Every parent breathes a sigh of relief when their children begin to make choices on their own that have lasting and wholesome significance. We are SO glad when our children show signs of compassion, leadership, deep thinking and concern for others beside themselves. We know that good fathering helps that happen!
Recently, Jason Levine, of Lake Worth, FL, got the opportunity to watch his 7 year old, Owen, make a tremendous decision that will impact many children half way around the world. Owen became aware of the terrible problem of malaria for the children of Africa. As his eighth birthday approached he became uncomfortable thinking of receiving presents when other little 8 year olds in Africa were suffering and dying from a dreadful disease that was entirely preventable. After hearing statistics like 90% of malaria deaths occur in sub-Saharan Africa, mostly children and only 5 % of children sleep under an instecticide treated malaria net, Owen asked his mom and dad if he could ask his friends to bring cans of bug spray to his party instead of presents to send to the children in Africa.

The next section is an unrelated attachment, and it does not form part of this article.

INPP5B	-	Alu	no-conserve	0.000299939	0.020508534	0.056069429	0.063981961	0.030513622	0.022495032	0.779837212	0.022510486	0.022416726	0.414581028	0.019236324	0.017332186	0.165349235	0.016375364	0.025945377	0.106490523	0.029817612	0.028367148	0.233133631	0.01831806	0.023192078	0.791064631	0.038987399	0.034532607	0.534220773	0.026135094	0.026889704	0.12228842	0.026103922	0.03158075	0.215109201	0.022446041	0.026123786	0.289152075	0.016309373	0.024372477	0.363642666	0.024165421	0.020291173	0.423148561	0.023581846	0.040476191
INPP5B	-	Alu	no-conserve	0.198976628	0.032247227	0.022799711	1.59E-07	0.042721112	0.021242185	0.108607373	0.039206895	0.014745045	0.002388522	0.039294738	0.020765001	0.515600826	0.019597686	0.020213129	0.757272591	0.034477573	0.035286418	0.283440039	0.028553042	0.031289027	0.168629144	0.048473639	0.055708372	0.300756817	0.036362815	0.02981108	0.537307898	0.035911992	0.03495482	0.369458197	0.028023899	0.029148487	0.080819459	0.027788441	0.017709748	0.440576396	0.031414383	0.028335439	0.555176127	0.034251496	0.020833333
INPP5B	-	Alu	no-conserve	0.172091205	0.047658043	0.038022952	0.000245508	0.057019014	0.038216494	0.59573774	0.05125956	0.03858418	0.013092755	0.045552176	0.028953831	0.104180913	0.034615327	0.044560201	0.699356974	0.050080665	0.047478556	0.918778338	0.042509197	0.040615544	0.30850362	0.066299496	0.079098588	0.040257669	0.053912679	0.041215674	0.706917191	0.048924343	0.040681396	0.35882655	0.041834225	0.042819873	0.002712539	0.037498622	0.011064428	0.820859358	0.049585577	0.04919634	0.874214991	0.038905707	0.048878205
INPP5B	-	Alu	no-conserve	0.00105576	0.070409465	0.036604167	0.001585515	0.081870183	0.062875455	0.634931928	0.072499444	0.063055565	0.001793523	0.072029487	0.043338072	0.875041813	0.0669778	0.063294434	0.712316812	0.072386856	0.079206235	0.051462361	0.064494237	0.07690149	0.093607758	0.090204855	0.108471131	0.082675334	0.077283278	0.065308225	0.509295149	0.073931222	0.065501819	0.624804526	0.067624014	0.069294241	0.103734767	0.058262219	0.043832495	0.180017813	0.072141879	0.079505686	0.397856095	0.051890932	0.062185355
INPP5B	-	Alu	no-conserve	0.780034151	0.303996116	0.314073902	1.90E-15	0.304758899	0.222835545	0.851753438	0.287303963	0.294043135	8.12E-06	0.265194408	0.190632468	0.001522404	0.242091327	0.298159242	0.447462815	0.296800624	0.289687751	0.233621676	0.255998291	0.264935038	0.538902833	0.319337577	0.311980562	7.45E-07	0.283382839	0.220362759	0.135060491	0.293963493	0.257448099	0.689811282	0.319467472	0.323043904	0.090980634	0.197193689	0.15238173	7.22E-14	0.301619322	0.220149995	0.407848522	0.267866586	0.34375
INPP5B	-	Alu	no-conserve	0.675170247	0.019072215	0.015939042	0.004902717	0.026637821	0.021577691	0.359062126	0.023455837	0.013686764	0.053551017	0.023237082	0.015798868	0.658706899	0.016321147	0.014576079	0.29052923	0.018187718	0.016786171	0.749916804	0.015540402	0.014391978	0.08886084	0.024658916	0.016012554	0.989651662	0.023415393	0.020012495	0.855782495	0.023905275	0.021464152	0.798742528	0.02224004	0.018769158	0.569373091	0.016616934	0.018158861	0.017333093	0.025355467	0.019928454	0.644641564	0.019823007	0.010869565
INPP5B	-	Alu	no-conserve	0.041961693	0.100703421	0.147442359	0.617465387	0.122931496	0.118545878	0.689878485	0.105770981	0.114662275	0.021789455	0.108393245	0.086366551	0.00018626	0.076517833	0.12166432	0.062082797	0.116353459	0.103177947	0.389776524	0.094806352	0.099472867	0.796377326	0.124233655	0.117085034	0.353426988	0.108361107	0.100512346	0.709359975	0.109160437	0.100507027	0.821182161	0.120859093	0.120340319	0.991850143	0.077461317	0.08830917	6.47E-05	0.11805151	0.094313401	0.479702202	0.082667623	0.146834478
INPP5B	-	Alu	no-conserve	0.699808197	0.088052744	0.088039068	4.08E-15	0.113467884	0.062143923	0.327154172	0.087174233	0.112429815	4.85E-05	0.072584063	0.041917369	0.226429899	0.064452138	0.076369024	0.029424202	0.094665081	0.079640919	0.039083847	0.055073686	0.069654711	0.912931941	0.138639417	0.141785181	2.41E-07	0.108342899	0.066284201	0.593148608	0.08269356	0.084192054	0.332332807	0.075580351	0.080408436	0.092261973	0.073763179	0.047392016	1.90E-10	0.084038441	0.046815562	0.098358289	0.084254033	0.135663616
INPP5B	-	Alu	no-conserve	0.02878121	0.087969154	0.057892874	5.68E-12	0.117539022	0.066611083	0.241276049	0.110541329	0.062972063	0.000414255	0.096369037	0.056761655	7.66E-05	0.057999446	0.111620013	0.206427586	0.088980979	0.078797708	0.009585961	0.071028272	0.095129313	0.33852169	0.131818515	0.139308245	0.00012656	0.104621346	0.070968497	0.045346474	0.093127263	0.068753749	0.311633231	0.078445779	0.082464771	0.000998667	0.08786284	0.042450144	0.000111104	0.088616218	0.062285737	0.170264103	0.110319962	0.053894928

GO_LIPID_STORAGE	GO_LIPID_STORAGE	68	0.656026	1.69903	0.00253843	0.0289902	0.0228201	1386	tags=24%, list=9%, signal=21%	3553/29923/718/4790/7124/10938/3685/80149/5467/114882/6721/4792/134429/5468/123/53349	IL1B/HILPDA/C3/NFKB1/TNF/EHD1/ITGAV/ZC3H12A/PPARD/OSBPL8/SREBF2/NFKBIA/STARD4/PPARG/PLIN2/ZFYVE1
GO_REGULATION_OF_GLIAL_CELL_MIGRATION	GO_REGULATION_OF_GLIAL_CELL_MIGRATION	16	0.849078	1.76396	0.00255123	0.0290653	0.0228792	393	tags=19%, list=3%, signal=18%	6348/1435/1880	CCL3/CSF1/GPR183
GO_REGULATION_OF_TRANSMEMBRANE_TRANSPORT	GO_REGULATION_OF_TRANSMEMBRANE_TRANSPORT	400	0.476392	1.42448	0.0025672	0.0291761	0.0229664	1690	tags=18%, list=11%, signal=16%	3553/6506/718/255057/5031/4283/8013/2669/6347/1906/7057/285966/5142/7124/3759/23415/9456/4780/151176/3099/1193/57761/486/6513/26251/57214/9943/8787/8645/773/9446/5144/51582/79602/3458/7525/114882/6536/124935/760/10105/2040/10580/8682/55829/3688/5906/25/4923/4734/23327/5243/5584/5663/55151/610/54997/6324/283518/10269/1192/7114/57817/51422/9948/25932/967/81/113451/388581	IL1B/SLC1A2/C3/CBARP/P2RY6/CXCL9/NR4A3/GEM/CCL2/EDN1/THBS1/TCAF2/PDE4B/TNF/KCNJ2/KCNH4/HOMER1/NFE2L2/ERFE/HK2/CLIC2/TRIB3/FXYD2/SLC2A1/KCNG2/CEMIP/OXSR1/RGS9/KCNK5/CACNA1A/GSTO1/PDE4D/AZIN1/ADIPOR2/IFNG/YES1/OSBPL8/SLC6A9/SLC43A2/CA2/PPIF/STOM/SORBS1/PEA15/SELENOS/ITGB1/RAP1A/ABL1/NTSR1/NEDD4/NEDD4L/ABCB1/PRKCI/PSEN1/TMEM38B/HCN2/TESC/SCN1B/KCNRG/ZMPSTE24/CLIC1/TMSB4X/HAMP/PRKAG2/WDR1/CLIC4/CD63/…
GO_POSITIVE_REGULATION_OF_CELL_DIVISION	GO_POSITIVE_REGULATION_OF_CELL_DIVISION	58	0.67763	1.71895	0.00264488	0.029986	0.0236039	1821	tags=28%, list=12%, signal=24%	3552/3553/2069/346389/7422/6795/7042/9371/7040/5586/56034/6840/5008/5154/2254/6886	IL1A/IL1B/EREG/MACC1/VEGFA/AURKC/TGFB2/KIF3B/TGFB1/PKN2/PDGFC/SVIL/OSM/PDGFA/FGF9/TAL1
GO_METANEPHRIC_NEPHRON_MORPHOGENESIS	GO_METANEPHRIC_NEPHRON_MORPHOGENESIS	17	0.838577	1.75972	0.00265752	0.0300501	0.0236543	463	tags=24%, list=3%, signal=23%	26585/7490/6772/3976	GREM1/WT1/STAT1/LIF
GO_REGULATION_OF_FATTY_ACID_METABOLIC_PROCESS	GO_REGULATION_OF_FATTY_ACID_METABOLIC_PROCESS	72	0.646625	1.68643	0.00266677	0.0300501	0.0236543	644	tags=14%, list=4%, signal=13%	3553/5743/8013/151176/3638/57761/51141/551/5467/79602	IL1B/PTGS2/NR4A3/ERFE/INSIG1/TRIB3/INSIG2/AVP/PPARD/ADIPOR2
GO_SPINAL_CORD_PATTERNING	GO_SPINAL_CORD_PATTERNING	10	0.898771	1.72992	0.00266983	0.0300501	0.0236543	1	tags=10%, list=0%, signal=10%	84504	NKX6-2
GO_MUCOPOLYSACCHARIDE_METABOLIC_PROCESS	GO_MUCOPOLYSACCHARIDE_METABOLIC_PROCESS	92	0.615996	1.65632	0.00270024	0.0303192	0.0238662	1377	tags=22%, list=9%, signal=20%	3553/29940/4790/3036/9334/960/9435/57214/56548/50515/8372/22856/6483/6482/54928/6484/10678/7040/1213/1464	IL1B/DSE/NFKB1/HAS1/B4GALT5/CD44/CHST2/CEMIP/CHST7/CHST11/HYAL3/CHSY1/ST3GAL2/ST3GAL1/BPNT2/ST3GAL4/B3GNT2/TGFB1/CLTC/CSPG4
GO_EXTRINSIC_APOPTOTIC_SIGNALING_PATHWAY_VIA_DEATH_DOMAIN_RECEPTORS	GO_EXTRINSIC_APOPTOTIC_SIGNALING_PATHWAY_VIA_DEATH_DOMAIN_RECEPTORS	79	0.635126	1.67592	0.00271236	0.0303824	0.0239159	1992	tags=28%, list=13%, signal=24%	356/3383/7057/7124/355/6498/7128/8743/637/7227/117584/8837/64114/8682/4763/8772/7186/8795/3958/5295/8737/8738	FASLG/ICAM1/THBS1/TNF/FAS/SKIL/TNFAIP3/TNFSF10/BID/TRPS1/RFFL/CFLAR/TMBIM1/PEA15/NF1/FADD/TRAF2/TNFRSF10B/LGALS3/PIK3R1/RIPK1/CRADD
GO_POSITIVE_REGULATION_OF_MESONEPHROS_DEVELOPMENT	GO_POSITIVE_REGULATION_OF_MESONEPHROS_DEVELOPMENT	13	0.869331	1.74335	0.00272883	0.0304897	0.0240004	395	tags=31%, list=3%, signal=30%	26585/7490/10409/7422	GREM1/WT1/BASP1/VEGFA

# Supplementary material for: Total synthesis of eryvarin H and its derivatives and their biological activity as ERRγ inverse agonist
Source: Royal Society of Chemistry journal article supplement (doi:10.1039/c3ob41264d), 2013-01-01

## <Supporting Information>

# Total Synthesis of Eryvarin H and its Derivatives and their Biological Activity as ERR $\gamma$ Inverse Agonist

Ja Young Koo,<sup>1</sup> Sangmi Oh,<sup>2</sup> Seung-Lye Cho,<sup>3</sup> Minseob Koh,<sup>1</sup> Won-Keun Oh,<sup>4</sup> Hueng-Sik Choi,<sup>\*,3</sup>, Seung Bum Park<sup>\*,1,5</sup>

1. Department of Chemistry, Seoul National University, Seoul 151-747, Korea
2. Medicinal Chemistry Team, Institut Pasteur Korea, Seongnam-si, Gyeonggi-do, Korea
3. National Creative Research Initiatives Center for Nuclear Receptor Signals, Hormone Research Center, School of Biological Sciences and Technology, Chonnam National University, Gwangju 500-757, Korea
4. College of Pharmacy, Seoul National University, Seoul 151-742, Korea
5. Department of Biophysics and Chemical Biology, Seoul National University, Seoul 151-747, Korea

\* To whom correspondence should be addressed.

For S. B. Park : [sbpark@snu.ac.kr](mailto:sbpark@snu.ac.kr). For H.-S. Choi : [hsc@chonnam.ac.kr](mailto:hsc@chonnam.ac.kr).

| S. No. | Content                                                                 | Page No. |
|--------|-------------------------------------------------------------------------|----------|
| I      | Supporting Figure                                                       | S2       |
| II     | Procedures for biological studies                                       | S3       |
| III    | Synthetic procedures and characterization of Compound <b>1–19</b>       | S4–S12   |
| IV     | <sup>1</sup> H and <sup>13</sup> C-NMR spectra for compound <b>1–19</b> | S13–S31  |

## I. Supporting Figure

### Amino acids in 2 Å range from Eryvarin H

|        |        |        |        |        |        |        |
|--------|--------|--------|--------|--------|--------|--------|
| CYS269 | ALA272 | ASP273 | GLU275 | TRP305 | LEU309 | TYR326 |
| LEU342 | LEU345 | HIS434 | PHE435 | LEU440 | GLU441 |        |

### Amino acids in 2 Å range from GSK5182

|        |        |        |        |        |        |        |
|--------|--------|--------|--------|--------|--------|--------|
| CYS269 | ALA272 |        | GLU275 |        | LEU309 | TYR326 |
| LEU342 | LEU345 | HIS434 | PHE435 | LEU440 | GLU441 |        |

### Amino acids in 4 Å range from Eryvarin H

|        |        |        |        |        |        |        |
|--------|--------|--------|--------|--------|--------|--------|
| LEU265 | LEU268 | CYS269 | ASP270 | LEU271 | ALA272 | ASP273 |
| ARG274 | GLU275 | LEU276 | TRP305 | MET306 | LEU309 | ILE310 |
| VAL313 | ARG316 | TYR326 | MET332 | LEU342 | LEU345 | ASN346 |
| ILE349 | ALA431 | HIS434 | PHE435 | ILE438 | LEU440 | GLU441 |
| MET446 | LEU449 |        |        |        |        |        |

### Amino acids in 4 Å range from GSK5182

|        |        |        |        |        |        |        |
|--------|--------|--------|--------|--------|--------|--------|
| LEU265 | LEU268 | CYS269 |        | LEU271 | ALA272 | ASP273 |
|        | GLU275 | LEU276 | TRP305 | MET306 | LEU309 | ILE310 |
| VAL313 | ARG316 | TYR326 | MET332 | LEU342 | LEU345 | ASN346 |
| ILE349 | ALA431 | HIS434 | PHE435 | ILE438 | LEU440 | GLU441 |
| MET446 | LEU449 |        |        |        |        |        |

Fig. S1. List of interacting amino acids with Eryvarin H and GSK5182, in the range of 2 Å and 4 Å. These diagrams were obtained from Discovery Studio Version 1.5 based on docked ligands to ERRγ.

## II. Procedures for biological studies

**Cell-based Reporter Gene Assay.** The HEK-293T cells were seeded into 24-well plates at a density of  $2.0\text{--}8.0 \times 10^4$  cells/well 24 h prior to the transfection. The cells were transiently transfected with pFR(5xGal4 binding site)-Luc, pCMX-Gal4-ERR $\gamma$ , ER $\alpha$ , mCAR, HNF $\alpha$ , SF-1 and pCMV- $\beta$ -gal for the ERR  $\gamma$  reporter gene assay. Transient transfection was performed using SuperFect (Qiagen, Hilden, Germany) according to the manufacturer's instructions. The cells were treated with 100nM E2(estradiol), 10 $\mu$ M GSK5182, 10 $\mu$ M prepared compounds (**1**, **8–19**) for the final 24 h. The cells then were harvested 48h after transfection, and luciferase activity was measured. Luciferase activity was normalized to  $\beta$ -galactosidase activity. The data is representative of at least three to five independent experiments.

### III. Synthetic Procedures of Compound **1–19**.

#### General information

Of course sending bug spray to Africa is not feasible. But as a dad who wants to encourage Owen’s tender giving heart, Jason helped Owen find a solution; malaria nets and health care coloring books. “It warms my heart to see Owen putting his own wants to the side and take a day that is normally “his day” and focus on others in need. This decision to donate his presents was made all on his own. We are very proud of Owen.”
Owen’s party is this Saturday, June 15. Donations to Ghanaian Mothers’ Hope for malaria nets and health care coloring books are being made at our website. Owen’s goal is 50 malaria nets and 50 coloring books. So far Owen has 11 malaria nets and 13 coloring books. Drew Davidsen and I will be delivering the nets and coloring books to children in July. Drew and I will use video and Skype so Owen and the children of villages in rural Ghana can meet each other and celebrate together! Malaria nets can help keep children like Victoria, below, from suffering malaria’s abuse.